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From the 1850s to the 1970s abundant water, a lake port, and railroad corridors crossing Kenosha and Kenosha County, Wisconsin impacted the growth of industry. Kenosha's development was essentially connected to its strategic location on the western shore of Lake Michigan and in the urban corridor between Milwaukee and Chicago. Kenosha manufacturers gained access to cheap midwestern natural resources of iron, copper, wood, coal and water. These simple facts were the primary cause of Kenosha County's industrialization. Larger markets were created as products reached more remote places.
Kenosha County industries enabled tens of thousands of immigrants from around the world to come to the area, adding their skills to the workforce and enriching society with their remarkable ethnic diversity. Minorities also found employment here. Their presence and contributions in the automobile industry during the 1950s were rarely documented in Wisconsin employment histories.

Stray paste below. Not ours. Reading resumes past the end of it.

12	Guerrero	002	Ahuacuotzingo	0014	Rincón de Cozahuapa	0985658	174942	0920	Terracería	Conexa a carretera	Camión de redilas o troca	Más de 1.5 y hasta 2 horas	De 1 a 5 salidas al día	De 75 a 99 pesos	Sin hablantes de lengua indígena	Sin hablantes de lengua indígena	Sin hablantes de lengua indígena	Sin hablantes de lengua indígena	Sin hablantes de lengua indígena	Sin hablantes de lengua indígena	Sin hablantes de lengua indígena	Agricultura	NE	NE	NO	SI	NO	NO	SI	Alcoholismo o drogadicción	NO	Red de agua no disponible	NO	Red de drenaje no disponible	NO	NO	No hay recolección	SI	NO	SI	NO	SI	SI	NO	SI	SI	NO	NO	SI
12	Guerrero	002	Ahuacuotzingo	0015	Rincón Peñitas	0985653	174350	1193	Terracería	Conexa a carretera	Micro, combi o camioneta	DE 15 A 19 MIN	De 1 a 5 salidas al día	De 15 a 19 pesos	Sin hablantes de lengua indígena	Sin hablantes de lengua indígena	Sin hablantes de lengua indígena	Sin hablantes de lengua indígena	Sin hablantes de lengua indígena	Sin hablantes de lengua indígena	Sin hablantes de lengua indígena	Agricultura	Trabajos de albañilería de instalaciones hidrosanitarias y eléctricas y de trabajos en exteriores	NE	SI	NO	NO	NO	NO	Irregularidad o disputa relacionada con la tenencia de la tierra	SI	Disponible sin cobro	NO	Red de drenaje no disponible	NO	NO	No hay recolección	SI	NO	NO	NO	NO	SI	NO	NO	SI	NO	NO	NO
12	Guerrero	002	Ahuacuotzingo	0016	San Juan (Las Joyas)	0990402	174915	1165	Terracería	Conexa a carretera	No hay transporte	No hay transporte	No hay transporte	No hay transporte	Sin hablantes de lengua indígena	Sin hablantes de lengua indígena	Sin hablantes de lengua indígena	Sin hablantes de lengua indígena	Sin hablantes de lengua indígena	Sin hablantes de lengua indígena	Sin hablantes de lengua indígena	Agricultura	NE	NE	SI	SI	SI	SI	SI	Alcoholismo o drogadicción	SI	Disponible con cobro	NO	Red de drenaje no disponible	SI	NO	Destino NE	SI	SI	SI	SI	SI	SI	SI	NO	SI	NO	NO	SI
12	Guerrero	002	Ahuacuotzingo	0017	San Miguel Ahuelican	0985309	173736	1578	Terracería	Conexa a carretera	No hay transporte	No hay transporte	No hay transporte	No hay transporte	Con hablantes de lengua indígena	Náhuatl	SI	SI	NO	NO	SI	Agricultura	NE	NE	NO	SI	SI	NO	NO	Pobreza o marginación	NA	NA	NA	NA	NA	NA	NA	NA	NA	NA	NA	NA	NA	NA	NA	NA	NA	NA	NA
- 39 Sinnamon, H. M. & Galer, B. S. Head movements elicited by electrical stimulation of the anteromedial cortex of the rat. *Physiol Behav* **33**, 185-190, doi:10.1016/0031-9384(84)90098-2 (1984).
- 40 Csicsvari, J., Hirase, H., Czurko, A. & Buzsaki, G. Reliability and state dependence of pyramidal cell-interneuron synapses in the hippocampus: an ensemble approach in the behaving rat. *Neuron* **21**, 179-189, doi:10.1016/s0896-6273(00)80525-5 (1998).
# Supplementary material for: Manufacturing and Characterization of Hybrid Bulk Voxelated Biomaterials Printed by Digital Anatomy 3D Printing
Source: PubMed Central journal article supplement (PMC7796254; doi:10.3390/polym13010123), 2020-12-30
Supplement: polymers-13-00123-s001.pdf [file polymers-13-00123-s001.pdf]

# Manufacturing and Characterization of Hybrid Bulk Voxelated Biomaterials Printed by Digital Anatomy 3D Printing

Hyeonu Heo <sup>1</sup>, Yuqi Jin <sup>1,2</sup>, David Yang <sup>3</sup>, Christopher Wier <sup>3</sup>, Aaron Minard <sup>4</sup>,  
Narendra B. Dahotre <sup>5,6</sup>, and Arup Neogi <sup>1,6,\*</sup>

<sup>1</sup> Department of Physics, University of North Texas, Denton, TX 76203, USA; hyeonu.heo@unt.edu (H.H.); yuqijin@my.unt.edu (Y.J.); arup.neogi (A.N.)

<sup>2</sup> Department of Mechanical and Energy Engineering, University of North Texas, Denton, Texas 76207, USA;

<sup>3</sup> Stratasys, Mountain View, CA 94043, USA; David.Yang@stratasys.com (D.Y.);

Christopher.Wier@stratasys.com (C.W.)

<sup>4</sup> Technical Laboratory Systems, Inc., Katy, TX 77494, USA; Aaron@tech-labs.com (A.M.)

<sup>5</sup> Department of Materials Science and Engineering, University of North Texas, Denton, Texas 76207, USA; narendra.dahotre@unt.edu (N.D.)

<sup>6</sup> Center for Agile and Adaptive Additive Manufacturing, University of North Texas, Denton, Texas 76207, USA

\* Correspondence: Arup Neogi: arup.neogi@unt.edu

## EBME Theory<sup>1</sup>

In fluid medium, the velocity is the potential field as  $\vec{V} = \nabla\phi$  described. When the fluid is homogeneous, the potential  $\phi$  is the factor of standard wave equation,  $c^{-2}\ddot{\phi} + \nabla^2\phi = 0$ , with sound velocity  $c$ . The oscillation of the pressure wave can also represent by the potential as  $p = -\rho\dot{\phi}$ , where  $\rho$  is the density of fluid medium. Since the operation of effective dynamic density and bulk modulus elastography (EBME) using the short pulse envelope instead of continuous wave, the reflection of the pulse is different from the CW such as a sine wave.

Kenosha's industrialization allowed inexpensive production of wagons, tanned leather, bicycles, foundry products and machine tools. The natural groundwork was laid for the production of automobile, rail, and transportation components such as industrial wire and tools. For nearly a hundred years this work, accompanied by rapid population growth, created and supported the manufacture of products and commodities demanded by American workers and the world market.
Kenosha and the United States literally grew up together. The city became a major manufacturing center intertwined with regional, national and international economies. The once stable industrial base, which strengthened the southeast Wisconsin region and Kenosha's local economy, is now changing, weakening, or disappearing altogether. Kenosha is losing, and has lost, over a century of its industrial legacy.
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